"If all mankind minus one were of one opinion, mankind would be no more justified in silencing that one person than he, if he had the power, would be justified in silencing mankind." ~John Stuart Mill, On Liberty, 1859

Wednesday, November 19, 2008

Because I agree with him!

'Wowie, wow, wow': Words too important to be banned
By Sylvester Brown Jr.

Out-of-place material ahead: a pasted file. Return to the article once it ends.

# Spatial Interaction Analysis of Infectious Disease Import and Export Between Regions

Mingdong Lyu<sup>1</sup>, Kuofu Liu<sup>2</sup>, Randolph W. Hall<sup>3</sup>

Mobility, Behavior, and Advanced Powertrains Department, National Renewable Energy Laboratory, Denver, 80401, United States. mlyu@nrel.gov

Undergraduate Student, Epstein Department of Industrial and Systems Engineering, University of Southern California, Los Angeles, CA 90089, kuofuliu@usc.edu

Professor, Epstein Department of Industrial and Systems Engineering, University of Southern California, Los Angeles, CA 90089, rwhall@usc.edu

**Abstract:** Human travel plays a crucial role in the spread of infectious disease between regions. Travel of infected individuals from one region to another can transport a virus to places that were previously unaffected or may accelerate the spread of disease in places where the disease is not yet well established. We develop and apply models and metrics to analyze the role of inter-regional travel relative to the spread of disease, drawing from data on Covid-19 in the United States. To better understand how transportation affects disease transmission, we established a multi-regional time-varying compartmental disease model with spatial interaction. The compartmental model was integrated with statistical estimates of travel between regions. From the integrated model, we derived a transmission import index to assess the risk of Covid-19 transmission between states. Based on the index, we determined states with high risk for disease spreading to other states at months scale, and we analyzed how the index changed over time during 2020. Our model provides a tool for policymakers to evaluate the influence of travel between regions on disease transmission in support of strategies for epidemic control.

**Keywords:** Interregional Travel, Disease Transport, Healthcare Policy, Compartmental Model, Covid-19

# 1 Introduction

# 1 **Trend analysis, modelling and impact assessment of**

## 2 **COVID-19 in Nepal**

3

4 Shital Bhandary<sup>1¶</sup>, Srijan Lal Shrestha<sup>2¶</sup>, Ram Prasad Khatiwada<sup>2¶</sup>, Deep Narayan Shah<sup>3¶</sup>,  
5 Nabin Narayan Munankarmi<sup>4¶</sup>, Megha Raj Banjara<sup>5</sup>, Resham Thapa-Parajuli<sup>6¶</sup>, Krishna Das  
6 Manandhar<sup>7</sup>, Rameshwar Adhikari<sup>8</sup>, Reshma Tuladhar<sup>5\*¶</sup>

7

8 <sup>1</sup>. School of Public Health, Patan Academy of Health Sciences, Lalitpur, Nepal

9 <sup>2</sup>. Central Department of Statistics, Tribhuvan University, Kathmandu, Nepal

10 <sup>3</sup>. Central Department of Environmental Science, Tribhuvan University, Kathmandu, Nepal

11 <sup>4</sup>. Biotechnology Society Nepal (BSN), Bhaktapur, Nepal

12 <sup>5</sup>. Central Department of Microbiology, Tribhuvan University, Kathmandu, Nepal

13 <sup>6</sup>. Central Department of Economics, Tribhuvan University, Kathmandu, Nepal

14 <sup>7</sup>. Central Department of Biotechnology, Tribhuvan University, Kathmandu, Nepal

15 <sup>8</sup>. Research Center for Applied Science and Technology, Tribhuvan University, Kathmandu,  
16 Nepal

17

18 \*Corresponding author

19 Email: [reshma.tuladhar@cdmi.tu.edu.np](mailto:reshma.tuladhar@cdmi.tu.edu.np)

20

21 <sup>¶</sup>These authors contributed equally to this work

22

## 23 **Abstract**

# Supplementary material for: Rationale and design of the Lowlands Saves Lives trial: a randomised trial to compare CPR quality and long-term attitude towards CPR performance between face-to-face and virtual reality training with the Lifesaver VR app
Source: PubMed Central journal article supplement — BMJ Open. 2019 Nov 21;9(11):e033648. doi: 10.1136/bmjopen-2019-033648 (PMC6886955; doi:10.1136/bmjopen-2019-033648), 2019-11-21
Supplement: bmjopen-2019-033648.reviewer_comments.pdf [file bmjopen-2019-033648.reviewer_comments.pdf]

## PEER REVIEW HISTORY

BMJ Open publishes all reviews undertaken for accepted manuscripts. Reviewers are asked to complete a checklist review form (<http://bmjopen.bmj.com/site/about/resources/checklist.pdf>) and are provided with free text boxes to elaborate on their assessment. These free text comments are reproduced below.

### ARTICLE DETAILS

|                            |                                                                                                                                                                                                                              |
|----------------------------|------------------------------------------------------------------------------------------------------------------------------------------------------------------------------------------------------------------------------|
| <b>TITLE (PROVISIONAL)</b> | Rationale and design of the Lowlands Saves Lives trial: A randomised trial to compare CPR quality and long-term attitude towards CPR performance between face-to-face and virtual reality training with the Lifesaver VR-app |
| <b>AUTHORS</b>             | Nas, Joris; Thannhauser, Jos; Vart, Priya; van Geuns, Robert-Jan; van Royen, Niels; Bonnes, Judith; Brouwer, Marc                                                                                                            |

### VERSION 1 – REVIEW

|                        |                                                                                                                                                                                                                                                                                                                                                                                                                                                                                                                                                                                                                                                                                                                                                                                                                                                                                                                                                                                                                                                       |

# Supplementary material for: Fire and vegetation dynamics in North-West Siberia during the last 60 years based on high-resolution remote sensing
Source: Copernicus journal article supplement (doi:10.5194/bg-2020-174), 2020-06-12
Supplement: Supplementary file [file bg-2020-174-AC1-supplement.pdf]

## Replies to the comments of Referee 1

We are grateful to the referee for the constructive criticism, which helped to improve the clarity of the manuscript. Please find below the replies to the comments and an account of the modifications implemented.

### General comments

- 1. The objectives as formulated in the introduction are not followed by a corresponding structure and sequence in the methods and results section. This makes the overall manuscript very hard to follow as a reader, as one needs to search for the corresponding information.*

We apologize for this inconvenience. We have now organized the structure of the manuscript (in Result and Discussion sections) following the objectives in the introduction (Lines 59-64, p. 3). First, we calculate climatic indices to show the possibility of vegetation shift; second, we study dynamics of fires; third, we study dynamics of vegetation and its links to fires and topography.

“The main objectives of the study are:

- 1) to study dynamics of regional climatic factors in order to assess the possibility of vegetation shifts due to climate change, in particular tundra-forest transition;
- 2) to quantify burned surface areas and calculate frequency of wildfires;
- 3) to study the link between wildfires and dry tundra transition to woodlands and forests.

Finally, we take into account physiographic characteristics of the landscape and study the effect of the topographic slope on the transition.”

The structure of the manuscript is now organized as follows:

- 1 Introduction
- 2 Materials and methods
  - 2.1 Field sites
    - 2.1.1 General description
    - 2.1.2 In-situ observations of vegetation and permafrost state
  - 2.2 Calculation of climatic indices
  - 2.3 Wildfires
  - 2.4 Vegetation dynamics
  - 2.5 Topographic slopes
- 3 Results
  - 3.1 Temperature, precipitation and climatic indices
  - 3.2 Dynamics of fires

If not for Moses, Noah, Jughead Jones, Spider-Man and Richard Wright, I may have turned down Sarah Beaman-Jones' invitation.Beaman-Jones heads up LIFT: Missouri's Literacy Resource Center. She recently sent me an e-mail asking if I would be a "guest reader" for her group's "Celebrating Readers' Rights" Dec. 8 event. The reading was organized to bring attention to issues such as "intellectual freedom," censorship and banned books in the United States."Censorship?" What is this, Saudi Arabia? I thought banning books in this country went out with burning witches at the stake.Apparently, I'm wrong. Each year the American Library Association releases a list of "Top 100 Banned/Challenged Books." The list includes high-profile adult and children's book authors like J.K. Rowling, Mark Twain, Toni Morrison, Richard Wright, Kurt Vonnegut, Lois Lowry and Judy Blume.